Format

Send to

Choose Destination
Diagn Microbiol Infect Dis. 1990 May-Jun;13(3):209-15.

Detection of group A streptococcal antigen from throat swabs with five diagnostic kits in general practice.

Author information

1
Streptococcus Department, Statens Seruminstitut, Copenhagen, Denmark.

Abstract

During a 5-month period, 248 general practitioners from 164 general practice offices obtained duplicate throat swabs from 2469 patients with acute pharyngotonsillitis. At the general practice office, one of the swabs was assayed for the presence of group A streptococcal antigen, using one of five commercially available diagnostic kits. (The participants did not receive instruction in the use of the kits). The other swab was cultured in our laboratory for the presence of group A streptococci. The diagnostic parameters for the five kits were as follows: Abbott TestPack Strep A--sensitivity, 79% (110/139) and specificity, 98% (490/501); Direct Strep A EIA (Roche)--sensitivity, 79% (104/132) and specificity, 63% (178/281); Respirastick--sensitivity, 55% (46/84) and specificity, 96% (298/309); Reveal Colour Strep A--sensitivity, 82% (114/139) and specificity, 83% (223/268); Tandem ICON Strep A--sensitivity, 78% (111/143) and specificity, 98% (362/368). The antigen detection test results were heavily influenced by the clinical prediction of a streptococcal or viral etiology. It is concluded that in the absence of a standard throat culture, the Abbott TestPack Strep A kit and the Tandem ICON Strep A kit both offer a more safe diagnostic alternative than clinical assessment. Depending on the current prevalence of group A streptococci, the additional use of a throat swab culture should be considered in case of negative antigen detection test results.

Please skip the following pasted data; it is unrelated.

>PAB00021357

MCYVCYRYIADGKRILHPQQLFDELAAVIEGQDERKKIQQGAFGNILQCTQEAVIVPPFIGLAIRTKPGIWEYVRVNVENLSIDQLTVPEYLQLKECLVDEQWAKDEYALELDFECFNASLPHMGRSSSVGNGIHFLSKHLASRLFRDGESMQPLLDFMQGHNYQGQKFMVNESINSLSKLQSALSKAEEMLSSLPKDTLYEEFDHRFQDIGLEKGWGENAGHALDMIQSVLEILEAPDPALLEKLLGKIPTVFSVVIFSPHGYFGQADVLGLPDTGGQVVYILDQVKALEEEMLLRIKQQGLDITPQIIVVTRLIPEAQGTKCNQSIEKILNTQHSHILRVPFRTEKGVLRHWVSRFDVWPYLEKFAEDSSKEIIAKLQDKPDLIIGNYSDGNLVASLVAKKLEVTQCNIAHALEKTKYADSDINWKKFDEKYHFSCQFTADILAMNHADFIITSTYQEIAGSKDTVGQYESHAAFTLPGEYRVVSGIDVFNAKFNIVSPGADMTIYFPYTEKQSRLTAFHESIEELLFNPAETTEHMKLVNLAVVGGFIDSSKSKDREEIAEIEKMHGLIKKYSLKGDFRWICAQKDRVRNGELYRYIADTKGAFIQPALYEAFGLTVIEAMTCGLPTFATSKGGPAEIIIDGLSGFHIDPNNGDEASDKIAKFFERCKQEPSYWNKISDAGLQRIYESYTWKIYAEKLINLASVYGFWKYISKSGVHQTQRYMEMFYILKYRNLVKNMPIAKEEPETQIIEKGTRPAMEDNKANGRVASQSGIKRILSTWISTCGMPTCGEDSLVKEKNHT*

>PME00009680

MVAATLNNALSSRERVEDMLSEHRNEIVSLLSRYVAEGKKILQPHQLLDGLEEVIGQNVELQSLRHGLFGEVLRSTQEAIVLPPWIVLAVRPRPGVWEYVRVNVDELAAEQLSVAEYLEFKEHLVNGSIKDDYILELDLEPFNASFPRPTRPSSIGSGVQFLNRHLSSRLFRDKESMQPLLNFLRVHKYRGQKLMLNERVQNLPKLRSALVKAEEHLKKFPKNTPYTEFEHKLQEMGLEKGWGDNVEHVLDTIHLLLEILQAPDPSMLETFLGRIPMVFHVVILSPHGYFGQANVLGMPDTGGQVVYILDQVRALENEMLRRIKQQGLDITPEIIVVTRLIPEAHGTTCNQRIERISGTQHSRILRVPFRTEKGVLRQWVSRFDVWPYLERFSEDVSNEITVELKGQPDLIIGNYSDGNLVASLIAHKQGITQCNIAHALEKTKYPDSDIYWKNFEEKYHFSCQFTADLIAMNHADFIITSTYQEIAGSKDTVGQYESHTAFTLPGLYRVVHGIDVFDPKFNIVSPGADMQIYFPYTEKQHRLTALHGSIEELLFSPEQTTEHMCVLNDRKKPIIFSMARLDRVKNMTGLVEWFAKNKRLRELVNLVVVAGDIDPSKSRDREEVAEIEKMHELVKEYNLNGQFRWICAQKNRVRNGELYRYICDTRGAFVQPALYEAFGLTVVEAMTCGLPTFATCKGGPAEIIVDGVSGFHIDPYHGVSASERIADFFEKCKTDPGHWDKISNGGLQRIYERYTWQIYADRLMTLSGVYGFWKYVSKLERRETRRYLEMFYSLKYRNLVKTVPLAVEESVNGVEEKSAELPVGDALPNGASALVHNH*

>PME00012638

PMID:
2200635
DOI:
10.1016/0732-8893(90)90061-y
[Indexed for MEDLINE]

Supplemental Content

Full text links

Icon for Elsevier Science
Loading ...
Support Center